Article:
Millennials – off to a different start

Tina Haapala |

A short article in the most recent edition of EconSouth (from the Federal Reserve Bank in Atlanta) entitled “The Economic Plight of MillennialsS” would cause any economist or demographer to go hmmm…

You see, this is the group who was born after 1980, making the leading edge at or around college age. This is when the first marriages and home ownerships tend to start, and when pollsters can begin to compare one generation to the next. Of course all generations are both different and the same. We are, after all, limited to measuring humans in this context, and cultures change at a rather slow rate. Yet they do change, time brings with it different experiences, progress adds new toys that change work and play, resulting in very measurable differences.

Unfortunately, this early group of Millennials began entering the workforce at about the same time the economy was bouncing off the bottom of one of the worse cycles we have ever seen. No doubt this will affect their generation for the rest of their lives.

Knowing exactly what causes changes in a group’s tendencies compared to another is difficult. I am sure that much will be blamed on the Financial Crisis that isn’t primarily due to its effects. However, it is certainly reasonable to consider two measures the article focuses on as being influenced to a substantial effect by economics: House ownership and marriage.

As many parents know, kids are living at home longer, and coming back more often than just about any other time in history. Why? Some will note that these two generations seem to get along pretty well. But perhaps this just makes the stay less annoying. Likely it is more to do with three little facts.

First, there was and is a high level of unemployment among young adults. No job equals no house.

Second, they are a very educated generation, going to college and completing degree plans at a higher rate than other generations. But college has been getting more expensive, subsidies are less available, and degree plans often stretch beyond four years. All of this combines to a mountain of debt for recent grads: Much more so than their parents experienced. Loads of debt equals no house.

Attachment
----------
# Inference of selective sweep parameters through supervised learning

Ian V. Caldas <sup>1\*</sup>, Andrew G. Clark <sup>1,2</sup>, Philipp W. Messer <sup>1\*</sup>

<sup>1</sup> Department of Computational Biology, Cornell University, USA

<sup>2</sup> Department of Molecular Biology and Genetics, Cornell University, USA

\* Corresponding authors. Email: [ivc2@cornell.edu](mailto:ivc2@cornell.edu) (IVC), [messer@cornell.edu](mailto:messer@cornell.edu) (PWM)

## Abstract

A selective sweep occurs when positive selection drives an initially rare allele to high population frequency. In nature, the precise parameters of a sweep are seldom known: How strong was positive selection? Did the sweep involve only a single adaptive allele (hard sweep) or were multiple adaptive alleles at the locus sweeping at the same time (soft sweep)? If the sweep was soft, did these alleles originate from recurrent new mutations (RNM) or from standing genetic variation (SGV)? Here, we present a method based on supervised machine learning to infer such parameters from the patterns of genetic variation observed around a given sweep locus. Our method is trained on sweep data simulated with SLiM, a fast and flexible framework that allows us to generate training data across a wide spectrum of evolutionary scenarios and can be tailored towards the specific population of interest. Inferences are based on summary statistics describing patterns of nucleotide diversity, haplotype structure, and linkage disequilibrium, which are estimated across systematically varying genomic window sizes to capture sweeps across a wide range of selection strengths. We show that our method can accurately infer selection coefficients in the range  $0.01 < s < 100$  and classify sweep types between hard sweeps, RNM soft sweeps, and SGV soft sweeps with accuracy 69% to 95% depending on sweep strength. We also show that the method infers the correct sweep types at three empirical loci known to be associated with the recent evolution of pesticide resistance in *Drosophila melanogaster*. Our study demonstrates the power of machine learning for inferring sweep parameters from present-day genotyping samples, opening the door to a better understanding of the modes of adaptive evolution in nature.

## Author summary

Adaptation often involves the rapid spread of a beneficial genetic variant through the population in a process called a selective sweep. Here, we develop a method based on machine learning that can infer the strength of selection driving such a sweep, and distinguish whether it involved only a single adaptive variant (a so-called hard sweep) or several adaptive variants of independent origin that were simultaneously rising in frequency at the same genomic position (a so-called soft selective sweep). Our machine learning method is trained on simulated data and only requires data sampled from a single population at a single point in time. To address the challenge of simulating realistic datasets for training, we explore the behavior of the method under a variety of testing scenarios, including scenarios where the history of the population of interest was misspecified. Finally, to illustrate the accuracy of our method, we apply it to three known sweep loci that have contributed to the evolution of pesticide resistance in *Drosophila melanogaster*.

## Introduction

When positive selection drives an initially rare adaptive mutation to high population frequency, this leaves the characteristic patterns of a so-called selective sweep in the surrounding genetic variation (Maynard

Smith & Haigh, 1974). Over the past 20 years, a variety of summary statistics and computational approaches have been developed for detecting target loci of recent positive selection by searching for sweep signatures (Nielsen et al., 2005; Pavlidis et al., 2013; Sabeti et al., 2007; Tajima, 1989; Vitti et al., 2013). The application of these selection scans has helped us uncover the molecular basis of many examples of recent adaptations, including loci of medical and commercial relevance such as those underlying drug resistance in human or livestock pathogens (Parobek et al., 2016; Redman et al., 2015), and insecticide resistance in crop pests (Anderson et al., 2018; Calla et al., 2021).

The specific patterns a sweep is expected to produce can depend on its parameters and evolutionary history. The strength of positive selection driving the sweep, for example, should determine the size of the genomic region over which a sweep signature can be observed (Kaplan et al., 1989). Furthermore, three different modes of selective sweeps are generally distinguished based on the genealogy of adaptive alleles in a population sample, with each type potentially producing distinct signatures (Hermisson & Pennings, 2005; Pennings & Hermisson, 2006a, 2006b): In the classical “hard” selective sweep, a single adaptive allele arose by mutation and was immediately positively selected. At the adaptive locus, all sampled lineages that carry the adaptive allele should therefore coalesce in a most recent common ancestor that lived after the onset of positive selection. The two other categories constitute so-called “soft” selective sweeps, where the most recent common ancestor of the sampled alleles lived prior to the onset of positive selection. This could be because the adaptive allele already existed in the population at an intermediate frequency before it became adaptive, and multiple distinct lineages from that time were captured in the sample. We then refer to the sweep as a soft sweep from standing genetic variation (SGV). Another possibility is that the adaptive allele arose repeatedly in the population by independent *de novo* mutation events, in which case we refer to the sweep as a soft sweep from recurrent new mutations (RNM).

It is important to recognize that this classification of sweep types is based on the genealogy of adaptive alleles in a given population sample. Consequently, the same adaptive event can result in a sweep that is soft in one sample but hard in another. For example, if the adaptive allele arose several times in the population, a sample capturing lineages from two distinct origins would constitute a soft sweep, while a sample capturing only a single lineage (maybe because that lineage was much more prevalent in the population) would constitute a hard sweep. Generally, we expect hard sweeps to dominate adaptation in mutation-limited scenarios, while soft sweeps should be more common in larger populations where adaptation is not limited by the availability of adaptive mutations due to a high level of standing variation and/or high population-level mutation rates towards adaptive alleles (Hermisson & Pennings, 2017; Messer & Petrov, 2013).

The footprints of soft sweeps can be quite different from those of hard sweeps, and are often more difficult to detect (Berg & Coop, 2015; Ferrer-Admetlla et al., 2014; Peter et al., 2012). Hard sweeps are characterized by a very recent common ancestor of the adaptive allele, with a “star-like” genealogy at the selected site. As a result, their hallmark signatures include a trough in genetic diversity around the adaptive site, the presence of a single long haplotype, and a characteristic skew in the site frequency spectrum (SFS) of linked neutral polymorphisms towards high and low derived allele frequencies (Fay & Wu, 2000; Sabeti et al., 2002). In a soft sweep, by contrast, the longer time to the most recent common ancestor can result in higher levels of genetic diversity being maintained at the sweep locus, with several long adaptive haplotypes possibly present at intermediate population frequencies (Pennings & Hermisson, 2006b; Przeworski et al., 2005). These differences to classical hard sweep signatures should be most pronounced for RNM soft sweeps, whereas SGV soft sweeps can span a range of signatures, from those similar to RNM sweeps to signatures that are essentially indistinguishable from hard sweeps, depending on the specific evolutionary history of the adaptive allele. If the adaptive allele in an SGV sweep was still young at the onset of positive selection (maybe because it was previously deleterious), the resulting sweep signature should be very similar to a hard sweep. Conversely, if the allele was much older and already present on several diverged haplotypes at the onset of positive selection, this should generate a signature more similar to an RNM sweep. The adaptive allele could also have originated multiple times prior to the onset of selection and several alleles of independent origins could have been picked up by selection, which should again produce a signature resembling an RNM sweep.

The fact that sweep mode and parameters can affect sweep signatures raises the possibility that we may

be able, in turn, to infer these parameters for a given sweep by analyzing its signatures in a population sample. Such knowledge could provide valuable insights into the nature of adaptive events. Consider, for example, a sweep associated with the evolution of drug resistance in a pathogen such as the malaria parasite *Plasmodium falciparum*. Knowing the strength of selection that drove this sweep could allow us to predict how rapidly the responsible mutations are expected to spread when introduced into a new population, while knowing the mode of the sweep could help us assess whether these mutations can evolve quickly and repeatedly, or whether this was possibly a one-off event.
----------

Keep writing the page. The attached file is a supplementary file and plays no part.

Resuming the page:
And lastly, when they do find a job that uses their college education, they’ll find that wages have stagnated. In fact, even though Millennials are coming into the workforce with more knowledge and skills than previous generations, they are not making much more than their parents and grandparents did when they were starting out (when adjusted for inflation).

What about marriage? What about it? The potential Millennial mate is living at home, probably unemployed, and is sitting on a mountain of debt. Not great potential for marriage material there.

So is this the “lost generation”? I doubt it. All generations have problems they inherit with their time-period. Sometimes it is war, sometimes economics, sometimes weather, sometimes plague. Yet every time they seem to get their act together…eventually…and try not to mess things up too much for the following generation.

So I’m guessing they’ll take what we give them and figure out a way to improve on it, the way we’ve always done. 

This article was published under the title "Millenials off to a rocky start" in the Wichita Falls Times Record News on  May 11, 2014.